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Magnesium Recommendations for My Adult Patients

Many of my patients suffer from symptoms of magnesium deficiency.  Magnesium deficiency is difficult to diagnose, but worth the effort given that the “cure” is safe for most, economical, and has a high probability of improving both length and quality of life. An estimated 70% of Americans do not get enough magnesium from food.

Magnesium is a mineral that acts as a natural muscle relaxer.  Magnesium provides protection for the central nervous system (brain and spinal cord) and peripheral nervous system.  It helps protect us from physical and emotional stress.

Because it is essential to life, the body is skilled at moving magnesium to where it is needed.  The body circulates its magnesium cargo in blood to provide abundant magnesium to the heart and other organs, making it difficult to detect magnesium deficiency with a blood test.

People who do not have enough magnesium can suffer greatly, even become disabled in extreme cases.  When I suspect magnesium deficiency I consider whether my patient has any of the following symptoms:

Migraine Headaches (as many as half of migraine sufferers respond well to magnesium)
Grinding teeth; TMJ; jaw tightness or popping
Anxiety/Panic/Agitation
Heart palpitations
Hearing loss
Depression
Fatigue
Absent morning hunger, quiet stomach (no growling)
Constipation
Difficult to control asthma; tight chest
Difficulty managing blood sugars in metabolic syndrome, pre-diabetes, diabetes
Hypoglycemia (low blood sugar)
High blood pressure
Insomnia
Muscle cramps and spasms
Facial tics, particularly around the eyes
Tremors
Pre-menstrual syndrome and/or menstrual cramps
Irregular heart rhythm
Mitral valve prolapse
Fibromyalgia/Chronic Fatigue symptoms

When I suspect magnesium deficiency in an adult patient, I usually make the following recommendations:

Make sure you have no heart or kidney disease before taking
Magnesium supplements.  Check with your healthcare provider to ensure you are a candidate for magnesium therapy and let your him or her know what you plan to take.

Start with 400 mg to 600 mg of magnesium every evening or as recommended by your healthcare provider.  Take with food.
Magnesium may be taken in divided doses if not tolerated (if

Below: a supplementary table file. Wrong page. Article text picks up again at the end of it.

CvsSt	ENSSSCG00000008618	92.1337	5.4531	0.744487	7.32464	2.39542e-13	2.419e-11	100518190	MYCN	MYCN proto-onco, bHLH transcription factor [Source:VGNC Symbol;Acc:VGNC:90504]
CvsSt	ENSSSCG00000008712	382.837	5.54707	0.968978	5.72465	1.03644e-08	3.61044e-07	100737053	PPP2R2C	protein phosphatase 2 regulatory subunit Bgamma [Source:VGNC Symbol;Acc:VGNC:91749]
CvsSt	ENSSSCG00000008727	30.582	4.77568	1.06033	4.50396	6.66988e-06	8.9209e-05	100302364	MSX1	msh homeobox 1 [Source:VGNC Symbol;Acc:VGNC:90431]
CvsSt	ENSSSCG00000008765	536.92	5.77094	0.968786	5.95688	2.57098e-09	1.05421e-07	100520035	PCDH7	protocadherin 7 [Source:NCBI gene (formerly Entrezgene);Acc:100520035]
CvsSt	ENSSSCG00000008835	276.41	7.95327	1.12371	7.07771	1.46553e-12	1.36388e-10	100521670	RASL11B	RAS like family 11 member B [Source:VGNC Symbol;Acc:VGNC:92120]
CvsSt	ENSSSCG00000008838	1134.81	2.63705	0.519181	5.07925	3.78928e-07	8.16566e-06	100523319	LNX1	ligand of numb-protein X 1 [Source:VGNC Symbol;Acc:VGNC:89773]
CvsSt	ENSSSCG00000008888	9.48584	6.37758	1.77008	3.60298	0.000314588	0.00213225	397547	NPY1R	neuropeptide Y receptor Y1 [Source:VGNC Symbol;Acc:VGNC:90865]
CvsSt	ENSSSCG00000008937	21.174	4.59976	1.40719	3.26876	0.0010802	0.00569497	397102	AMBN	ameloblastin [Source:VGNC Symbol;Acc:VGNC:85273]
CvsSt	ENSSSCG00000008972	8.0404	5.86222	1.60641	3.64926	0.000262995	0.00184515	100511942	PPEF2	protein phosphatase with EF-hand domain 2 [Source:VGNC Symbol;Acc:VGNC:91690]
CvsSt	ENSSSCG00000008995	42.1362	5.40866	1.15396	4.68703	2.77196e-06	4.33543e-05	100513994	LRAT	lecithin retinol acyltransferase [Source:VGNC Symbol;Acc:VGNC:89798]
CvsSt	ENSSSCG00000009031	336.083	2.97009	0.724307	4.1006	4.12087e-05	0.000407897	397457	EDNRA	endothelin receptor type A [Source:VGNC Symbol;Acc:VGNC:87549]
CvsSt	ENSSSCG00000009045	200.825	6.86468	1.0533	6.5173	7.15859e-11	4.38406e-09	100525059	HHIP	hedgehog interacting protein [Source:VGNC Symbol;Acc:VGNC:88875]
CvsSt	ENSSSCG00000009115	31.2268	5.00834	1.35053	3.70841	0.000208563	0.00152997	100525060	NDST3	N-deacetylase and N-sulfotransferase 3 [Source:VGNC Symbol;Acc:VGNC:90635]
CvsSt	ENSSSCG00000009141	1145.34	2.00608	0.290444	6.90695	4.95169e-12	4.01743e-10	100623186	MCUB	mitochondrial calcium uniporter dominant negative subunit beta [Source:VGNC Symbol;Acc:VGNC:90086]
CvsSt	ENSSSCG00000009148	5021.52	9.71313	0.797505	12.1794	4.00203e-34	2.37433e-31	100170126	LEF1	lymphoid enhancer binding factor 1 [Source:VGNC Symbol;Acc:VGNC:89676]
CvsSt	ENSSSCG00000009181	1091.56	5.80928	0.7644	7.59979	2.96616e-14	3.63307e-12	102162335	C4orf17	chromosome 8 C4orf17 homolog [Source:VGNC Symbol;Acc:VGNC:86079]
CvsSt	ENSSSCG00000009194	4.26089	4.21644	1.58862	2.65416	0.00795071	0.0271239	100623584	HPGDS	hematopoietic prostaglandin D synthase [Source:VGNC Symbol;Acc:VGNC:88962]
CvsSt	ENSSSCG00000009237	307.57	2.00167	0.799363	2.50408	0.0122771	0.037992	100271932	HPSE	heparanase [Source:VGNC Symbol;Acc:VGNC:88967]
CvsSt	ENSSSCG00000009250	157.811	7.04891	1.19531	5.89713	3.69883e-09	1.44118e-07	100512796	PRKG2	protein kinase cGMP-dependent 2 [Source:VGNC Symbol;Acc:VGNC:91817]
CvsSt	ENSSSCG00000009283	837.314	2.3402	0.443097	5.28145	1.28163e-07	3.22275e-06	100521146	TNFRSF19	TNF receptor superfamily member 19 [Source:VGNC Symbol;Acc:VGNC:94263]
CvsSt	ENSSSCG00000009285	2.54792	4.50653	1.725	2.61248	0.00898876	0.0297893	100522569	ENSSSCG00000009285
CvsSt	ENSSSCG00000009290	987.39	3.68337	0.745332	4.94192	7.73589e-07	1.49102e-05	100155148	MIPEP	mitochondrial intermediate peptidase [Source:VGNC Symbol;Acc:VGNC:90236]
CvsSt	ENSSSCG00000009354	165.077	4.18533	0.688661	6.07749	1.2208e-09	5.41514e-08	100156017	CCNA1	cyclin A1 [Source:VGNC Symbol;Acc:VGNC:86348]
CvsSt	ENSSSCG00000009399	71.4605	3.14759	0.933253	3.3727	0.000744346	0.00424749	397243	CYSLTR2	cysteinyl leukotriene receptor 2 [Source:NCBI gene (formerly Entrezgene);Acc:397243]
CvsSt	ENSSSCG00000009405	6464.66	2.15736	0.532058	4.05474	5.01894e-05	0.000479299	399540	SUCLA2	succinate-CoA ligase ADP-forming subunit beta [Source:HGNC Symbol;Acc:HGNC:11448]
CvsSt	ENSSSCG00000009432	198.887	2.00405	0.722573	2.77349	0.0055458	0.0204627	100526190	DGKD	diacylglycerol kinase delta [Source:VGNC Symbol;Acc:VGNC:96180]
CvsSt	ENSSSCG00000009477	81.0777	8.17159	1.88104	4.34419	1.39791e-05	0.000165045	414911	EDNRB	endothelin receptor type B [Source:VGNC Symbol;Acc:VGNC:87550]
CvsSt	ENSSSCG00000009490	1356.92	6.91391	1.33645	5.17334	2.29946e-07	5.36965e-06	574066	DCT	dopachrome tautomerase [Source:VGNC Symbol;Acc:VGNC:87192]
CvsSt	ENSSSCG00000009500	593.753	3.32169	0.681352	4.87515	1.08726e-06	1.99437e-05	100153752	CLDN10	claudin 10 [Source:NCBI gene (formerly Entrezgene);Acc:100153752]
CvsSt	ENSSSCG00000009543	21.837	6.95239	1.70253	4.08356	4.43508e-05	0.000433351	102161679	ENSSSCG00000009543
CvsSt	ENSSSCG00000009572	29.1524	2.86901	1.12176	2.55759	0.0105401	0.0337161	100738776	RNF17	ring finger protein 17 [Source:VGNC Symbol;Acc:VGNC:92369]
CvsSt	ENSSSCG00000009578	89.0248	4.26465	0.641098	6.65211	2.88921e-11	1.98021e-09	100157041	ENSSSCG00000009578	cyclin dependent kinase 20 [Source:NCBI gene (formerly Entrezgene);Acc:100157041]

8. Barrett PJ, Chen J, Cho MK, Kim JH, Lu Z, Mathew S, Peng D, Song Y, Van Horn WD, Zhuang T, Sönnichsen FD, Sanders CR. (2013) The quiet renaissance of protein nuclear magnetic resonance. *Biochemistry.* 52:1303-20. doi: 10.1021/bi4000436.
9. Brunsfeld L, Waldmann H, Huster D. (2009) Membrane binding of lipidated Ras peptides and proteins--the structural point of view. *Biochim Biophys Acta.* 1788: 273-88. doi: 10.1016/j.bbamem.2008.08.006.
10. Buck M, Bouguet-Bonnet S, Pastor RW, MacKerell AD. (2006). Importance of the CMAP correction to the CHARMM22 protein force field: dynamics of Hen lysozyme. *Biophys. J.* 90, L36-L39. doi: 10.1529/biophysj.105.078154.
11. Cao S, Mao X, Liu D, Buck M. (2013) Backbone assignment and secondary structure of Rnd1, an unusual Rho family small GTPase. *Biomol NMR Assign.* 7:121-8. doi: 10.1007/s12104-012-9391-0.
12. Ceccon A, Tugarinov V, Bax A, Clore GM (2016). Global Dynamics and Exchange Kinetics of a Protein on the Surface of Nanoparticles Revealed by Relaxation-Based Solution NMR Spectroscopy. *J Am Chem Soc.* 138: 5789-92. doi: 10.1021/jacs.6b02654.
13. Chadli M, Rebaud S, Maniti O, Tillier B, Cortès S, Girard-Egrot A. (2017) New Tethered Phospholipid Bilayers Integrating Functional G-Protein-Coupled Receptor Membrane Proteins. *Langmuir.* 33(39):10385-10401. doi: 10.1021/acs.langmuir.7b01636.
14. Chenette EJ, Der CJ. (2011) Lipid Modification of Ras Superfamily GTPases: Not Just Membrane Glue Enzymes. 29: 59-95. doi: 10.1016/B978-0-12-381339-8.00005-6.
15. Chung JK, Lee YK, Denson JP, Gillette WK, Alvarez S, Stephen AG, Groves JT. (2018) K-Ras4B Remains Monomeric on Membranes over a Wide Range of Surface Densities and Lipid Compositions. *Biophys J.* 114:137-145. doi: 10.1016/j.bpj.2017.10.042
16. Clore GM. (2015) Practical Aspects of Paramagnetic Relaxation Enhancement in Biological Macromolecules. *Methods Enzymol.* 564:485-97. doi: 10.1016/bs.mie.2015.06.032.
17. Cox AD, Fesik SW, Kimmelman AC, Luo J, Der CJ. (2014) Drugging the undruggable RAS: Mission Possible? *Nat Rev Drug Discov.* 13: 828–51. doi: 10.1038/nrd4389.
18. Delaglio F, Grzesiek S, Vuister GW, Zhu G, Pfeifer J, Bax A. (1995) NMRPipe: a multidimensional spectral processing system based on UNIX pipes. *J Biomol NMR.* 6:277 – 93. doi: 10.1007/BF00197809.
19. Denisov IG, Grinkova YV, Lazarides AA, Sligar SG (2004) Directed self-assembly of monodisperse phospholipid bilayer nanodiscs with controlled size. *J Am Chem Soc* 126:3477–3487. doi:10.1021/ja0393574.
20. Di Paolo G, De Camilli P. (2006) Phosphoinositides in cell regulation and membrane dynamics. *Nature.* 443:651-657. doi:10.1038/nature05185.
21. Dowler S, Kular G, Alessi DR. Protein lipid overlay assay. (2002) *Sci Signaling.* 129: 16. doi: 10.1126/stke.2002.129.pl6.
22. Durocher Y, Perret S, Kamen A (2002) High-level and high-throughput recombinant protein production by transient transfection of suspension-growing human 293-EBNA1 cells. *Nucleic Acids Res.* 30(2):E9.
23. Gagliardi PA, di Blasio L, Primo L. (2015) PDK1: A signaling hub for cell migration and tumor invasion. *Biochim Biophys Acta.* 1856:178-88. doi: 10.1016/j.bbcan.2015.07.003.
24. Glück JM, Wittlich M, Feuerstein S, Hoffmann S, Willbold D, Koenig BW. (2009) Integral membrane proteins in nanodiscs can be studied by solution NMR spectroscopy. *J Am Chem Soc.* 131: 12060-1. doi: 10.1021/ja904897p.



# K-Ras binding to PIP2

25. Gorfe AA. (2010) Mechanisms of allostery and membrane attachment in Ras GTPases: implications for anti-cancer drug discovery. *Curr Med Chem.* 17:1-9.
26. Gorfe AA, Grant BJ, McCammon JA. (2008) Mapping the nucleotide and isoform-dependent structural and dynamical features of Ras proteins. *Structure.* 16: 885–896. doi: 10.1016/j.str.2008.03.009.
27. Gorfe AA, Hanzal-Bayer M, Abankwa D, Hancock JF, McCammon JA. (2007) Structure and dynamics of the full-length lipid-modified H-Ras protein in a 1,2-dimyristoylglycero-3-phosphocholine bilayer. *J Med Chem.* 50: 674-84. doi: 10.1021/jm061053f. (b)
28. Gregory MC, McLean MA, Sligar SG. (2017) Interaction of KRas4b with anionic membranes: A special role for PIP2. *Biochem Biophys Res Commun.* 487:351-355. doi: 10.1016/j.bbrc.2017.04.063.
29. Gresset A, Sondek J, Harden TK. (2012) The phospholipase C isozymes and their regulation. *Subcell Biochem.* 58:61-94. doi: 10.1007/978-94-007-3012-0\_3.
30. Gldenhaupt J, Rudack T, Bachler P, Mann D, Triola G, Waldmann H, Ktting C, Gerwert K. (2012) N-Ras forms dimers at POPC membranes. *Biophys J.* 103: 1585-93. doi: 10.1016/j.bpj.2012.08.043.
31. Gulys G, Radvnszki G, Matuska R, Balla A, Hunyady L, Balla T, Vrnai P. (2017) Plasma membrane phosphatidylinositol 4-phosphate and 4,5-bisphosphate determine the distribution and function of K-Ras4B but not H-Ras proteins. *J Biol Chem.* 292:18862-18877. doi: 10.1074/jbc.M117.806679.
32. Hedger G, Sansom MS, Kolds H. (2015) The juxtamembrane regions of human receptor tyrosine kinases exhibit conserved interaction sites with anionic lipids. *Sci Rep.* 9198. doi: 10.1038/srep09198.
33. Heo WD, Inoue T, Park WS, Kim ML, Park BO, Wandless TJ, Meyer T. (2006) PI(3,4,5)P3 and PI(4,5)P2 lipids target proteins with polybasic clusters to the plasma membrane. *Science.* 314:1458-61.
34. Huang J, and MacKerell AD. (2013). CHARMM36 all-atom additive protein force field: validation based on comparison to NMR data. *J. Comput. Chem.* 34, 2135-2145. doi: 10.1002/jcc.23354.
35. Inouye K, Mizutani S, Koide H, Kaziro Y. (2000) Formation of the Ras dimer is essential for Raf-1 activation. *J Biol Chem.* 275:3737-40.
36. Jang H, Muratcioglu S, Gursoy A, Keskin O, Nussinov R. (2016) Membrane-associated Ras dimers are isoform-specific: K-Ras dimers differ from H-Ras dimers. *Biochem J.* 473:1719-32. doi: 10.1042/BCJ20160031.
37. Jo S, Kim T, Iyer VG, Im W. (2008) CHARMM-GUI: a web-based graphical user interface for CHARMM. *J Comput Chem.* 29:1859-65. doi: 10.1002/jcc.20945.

stools become too loose or you have stomach upset): for example, 200 mg twice a
day, 250 mg twice a day or 300 mg twice a day.  Again, take with food.
If your stools become too loose even with divided doses, cut
back on each dose (if it was too high at 300 mg twice a day, take 200 mg twice a day, e.g.).
If you get cramps or if cramps worsen, stop this supplement
and tell your healthcare provider.
Taking a B-6 vitamin or a multiple vitamin with B-6 in it helps magnesium to be absorbed into the cells.  Some preparations have B-6 in them; check the bottle.  Take no more than 75 mg B-6 total per day.
Avoid:
  • Magnesium Hydroxide (low bioavailability),
  • Magnesium Oxide (low bioavailability),
  • Magnesium Carbonate (low bioavailability),
  • Magnesium Aspartate (neurotoxic) or
  • Magnesium Glutamate (neurotoxic)
Look for:
  • Magnesium citrate (especially if constipation is a problem) 
  • Magnesium malate 
  • Magnesium glycinate 
  • Magnesium taurinate or taurate 
  • Magnesium succinate 
The best formulations, in my opinion: A combination of Magnesium Citrate & Magnesium
Malate.  Another good formula, in my opinion: Jigsaw Magnesium with SRT.
Source Naturals makes a couple of magnesium products.  One, Ultra-Mag, is an acceptable blend of
magnesium salts.
Jarrow Formulas makes Magnesium Optimizer, which is
Magnesium Citrate, Potassium Citrate and Taurine
My preferred magnesium formulation is Jigsaw
Magnesium with SRT, 125 mg tablets.  Take one to
two tablets twice a day or as directed by your physician.  You can order
this at: www.jigsawhealth.com or by telephone at: 866-601-5800 or on Amazon.com
You may be able to get adequate magnesium from food, depending on the health of top soils it is raised on and the methods in which the food is raised.  Potentially rich food sources of magnesium include sprouted pumpkin seeds. Other sources include squashes and green leafy vegetables, depending on how these are grown and prepared.  Water should be another source of magnesium, but here in Northwest Oregon we drink more soft water, which does not contain the calcium, magnesium and other minerals of hard water. 
To your health,
from Dr. Ann

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